When Are You Most Fertile?


When Are You Most Fertile?
When are you most fertile? If you’re trying to get pregnant, you’ll ask yourself this question at some point. The good news is that it’s pretty easy to figure out, assuming that all of your parts (and his!) are working properly. It really comes down to timing; there’s a certain window every month when you’re fertile. Miss that sweet spot, and you’ve got to wait until the following month to try again. With that in mind, here are some tips to gauge your most fertile days of the month.

1. Understand how your cycle works. Most women’s menstrual cycles are anywhere between 28 to 32 days long, with Day 1 being the first day of your period, according to the American Pregnancy Association. In the middle of that cycle, between Day 11 and Day 21, the ovary will release an egg, which then travels from the fallopian tube to the uterus. It will only live for 12 to 24 hours once it leaves the ovary, so the goal is to get that baby (pun intended) fertilized during the short window. The good news is that the sperm has a longer life span, and can live for three to six days in your body. So, to get pregnant, you’ll actually want to have sex in the days before ovulation, not just during.

2. Keep track of your most fertile days. There are several ways to figure out if you’re ovulating, but you really have to tune into your body. The first tell-tale sign is to check your cervical mucus. Right before ovulation, there will be more of it, with a slippery “egg white” consistency meant to help carry the sperm to the egg. You may even feel some small twinges of pain in your lower tummy, more likely on one side, called mittelschmerz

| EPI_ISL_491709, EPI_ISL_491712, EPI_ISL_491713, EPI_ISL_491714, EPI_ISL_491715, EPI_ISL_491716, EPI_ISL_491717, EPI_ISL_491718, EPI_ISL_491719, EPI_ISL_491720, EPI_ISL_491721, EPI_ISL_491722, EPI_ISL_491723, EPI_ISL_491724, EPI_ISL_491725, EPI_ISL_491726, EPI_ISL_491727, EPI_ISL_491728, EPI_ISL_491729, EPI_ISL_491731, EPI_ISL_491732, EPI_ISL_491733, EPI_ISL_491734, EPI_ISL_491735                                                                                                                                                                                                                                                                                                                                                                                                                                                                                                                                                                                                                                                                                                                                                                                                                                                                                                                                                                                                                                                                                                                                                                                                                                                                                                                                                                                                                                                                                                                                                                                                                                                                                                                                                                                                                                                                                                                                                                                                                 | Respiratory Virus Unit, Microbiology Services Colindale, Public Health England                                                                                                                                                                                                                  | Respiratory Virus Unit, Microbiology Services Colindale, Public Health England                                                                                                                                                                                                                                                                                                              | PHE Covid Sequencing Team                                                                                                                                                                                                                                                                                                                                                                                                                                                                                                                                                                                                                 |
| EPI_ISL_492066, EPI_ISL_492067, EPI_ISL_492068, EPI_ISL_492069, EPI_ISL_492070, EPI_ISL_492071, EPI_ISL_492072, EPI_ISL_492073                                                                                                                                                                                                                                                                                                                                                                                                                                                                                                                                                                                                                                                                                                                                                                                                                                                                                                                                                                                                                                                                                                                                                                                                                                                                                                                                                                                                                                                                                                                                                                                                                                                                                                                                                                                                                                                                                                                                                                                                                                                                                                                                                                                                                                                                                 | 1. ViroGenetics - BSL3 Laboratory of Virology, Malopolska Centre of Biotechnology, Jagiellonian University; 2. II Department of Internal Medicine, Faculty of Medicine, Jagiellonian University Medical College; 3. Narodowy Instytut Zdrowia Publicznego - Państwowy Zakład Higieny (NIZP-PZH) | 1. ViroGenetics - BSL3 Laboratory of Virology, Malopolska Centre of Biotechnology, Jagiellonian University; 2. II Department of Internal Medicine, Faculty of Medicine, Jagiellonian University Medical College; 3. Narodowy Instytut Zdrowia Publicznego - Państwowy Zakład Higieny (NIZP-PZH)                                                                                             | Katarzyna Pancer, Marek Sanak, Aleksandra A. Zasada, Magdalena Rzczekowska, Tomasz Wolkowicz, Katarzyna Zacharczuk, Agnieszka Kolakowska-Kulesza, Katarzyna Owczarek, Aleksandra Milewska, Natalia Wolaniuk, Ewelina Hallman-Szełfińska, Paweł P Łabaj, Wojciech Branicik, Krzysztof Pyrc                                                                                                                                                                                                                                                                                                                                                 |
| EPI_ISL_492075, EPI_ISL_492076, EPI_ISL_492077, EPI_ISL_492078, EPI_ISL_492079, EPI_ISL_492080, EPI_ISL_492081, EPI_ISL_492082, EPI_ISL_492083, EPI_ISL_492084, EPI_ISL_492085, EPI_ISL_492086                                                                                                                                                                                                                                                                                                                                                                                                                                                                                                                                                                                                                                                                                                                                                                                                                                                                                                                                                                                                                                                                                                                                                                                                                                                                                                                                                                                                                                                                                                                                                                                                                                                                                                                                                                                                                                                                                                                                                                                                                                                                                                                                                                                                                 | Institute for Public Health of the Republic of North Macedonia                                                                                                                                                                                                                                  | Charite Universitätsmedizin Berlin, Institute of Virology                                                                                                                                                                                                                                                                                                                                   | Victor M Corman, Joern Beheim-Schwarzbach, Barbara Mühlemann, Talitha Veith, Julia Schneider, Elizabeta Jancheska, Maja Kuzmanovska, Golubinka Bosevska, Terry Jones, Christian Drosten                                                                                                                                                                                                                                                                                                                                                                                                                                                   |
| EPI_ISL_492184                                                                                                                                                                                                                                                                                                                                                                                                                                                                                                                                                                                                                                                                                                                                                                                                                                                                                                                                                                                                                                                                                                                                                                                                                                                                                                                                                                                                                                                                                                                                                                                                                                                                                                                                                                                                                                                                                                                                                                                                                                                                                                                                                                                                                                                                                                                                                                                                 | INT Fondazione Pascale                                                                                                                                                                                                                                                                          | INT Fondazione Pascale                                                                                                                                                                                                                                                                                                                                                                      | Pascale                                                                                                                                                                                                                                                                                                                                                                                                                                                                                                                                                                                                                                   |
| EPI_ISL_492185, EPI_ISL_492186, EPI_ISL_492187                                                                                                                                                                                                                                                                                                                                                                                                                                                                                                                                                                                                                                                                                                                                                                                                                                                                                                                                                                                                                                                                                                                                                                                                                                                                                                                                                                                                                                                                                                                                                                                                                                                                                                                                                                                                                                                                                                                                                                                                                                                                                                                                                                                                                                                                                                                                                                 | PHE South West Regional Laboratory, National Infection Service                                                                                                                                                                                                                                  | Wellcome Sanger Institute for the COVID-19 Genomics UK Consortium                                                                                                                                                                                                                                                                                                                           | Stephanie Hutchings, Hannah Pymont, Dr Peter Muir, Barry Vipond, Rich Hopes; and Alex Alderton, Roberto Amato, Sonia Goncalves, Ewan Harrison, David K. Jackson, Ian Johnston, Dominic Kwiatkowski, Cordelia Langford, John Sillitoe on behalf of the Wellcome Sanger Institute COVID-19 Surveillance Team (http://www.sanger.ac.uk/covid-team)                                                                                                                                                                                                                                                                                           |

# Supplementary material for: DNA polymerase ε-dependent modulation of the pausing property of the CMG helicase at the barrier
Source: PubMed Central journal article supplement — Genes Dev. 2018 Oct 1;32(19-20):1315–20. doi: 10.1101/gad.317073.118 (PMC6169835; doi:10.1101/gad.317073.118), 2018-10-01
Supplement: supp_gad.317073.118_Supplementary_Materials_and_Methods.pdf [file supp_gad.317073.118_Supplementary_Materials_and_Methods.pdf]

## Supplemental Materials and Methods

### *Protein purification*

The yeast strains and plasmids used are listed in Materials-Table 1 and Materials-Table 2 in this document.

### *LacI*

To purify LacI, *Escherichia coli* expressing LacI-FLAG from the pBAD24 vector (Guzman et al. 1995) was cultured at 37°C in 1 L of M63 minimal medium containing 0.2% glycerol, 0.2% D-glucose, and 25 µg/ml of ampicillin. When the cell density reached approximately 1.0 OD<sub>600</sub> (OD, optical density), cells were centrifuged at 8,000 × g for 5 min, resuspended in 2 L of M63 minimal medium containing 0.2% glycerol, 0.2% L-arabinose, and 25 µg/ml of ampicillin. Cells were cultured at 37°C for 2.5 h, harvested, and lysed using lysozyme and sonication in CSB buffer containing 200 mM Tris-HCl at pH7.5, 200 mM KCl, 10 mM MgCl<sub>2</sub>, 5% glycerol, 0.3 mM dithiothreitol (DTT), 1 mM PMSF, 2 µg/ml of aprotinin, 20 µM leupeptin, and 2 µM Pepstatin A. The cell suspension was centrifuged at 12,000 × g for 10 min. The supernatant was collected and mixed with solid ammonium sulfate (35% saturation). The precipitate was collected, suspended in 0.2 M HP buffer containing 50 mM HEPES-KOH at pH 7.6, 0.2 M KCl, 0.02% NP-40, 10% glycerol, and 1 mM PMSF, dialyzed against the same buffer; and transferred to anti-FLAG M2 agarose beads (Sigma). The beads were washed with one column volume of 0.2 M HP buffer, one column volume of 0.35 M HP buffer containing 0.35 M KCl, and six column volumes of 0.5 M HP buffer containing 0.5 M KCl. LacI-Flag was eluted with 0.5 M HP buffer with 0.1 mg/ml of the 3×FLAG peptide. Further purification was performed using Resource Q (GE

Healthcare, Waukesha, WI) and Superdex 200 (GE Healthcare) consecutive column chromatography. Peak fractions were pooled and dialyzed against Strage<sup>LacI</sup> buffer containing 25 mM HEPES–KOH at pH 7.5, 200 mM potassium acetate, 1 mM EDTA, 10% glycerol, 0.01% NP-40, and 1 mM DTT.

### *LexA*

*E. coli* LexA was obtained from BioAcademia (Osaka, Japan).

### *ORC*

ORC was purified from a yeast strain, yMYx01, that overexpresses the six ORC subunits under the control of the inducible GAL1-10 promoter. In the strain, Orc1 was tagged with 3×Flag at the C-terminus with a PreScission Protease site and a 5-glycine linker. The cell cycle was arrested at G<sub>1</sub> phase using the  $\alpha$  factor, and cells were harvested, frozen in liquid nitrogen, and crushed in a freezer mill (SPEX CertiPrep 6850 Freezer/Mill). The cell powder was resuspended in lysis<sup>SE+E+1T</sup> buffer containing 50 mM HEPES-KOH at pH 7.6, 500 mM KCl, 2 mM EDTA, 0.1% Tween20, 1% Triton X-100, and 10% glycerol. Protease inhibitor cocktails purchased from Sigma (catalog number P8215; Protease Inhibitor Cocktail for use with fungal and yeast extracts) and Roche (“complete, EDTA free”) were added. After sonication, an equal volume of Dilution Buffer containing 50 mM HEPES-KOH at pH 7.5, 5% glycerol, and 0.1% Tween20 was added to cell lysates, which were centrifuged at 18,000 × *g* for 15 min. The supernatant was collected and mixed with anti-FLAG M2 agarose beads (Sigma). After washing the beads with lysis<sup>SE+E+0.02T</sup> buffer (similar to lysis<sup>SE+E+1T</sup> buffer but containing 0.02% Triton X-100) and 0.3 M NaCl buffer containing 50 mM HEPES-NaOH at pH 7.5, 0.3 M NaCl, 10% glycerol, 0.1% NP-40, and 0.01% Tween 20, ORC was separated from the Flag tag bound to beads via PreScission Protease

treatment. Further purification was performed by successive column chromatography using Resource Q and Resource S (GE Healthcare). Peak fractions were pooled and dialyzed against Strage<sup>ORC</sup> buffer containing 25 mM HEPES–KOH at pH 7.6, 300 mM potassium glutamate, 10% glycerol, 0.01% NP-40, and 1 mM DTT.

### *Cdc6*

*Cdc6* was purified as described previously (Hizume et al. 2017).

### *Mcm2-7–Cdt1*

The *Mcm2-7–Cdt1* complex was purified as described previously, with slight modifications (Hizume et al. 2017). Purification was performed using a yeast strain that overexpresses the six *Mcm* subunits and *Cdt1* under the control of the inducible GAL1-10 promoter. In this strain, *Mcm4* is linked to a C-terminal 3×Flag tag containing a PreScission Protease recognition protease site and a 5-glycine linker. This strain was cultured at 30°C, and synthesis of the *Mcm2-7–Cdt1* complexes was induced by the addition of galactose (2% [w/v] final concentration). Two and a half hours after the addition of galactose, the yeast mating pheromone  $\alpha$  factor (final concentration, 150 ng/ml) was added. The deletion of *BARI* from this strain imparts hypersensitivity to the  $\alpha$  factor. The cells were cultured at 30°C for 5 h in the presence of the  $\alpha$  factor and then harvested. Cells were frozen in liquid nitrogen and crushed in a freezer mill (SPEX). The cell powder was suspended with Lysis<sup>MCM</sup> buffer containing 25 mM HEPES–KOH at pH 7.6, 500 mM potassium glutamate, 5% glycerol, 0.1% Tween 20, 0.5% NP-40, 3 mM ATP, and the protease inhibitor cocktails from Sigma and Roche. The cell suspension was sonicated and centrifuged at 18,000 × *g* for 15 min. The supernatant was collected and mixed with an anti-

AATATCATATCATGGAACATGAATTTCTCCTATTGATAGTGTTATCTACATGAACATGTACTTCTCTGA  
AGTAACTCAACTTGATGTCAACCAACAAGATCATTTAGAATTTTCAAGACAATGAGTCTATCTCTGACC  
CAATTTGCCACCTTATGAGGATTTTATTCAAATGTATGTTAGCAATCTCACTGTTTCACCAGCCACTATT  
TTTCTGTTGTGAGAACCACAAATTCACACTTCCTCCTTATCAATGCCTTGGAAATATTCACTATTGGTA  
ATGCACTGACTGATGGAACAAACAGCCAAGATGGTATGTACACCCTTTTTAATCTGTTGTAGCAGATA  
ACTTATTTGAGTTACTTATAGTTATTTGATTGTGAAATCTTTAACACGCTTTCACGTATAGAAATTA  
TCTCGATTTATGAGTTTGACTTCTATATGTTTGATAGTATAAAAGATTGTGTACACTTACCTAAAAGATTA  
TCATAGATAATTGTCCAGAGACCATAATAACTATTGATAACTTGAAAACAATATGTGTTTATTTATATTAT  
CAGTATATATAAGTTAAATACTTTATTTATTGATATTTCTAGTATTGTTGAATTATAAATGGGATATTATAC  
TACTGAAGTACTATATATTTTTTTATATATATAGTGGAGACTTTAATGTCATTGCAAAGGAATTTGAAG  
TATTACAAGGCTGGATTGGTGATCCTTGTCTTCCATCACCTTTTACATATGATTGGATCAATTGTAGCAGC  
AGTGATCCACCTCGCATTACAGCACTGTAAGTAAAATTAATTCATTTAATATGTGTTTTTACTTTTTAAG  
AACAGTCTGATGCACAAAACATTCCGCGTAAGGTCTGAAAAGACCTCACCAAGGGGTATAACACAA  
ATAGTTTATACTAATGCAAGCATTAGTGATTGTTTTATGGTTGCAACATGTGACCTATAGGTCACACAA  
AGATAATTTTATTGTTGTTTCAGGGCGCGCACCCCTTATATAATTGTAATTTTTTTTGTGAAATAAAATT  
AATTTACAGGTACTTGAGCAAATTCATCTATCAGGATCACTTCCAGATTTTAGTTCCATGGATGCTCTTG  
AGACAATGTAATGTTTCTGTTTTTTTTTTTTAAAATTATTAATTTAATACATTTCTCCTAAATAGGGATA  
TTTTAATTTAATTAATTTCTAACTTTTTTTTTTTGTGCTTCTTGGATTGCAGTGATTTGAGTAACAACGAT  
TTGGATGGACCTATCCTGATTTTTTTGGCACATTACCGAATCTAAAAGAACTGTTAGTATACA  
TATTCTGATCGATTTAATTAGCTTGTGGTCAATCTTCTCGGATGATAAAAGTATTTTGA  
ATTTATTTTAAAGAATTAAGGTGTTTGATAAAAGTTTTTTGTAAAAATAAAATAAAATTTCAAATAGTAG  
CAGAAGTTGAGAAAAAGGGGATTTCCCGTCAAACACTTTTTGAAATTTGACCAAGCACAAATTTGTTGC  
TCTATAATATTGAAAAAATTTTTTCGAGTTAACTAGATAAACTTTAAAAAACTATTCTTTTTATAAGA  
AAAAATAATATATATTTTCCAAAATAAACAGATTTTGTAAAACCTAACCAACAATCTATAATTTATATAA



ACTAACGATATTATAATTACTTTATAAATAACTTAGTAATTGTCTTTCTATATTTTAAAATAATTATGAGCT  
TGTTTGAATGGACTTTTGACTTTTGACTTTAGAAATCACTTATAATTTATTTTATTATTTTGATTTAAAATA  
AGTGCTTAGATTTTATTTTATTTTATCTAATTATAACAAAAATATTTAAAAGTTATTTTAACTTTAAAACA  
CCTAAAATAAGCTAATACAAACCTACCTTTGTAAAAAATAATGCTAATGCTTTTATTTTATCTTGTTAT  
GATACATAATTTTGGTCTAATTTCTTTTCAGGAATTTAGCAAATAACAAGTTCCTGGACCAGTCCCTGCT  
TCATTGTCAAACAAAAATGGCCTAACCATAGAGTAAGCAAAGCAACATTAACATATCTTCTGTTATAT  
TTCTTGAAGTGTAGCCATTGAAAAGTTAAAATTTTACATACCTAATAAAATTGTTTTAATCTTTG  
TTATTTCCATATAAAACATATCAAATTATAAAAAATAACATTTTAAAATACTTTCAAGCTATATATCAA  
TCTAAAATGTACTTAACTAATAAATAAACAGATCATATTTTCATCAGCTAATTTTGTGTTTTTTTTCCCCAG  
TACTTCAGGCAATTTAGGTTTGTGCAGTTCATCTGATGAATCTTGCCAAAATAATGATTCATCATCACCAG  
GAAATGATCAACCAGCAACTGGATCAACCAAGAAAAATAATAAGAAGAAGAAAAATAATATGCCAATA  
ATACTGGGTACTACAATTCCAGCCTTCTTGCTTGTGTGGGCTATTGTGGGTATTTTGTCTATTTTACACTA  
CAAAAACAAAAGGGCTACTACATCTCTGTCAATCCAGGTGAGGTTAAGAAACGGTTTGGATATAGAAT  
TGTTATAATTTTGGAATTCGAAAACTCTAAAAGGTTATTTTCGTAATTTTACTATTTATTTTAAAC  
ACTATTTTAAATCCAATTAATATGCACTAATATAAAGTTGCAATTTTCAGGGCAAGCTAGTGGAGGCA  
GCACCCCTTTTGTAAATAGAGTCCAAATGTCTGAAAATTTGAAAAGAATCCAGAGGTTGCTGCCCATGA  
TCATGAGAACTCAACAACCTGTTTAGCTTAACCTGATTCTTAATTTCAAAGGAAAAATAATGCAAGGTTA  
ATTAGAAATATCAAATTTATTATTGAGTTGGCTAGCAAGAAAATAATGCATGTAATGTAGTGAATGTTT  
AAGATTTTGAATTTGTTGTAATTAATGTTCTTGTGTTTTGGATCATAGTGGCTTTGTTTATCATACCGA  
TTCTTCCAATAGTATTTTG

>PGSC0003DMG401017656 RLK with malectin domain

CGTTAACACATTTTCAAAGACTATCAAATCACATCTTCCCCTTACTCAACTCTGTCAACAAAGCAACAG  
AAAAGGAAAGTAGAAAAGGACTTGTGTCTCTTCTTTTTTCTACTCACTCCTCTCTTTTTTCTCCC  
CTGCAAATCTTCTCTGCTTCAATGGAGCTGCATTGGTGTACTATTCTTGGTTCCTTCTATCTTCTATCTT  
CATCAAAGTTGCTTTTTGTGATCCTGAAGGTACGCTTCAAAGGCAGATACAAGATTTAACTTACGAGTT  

Keeping a calendar is also helpful. Not only can you more easily keep track of which day of your cycle you’re on, but it can help you predict ovulation for the following month. You’ll want to take your basal body temperature (BBT) every morning. In the first half of your cycle, you have more estrogen, but following ovulation, there’s a surge in progesterone, and your body temperature goes up, literally the day after you ovulate. So if your temp goes up on Day 15, you know that you ovulated on Day 14. With that information, you can better determine which day you’re going to ovulate next month.

3. Use an ovulation prediction kit. Finally, if all of the charting and body checks and temperature readings feel too complicated, you can always pick up an ovulation prediction kit (OKP) at the drugstore. Like a pregnancy test, you pee on a stick and it tells you if you’re going to ovulate in the next 12 to 24 hours. So there’s no second guessing…or wasting time.

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Photo: Getty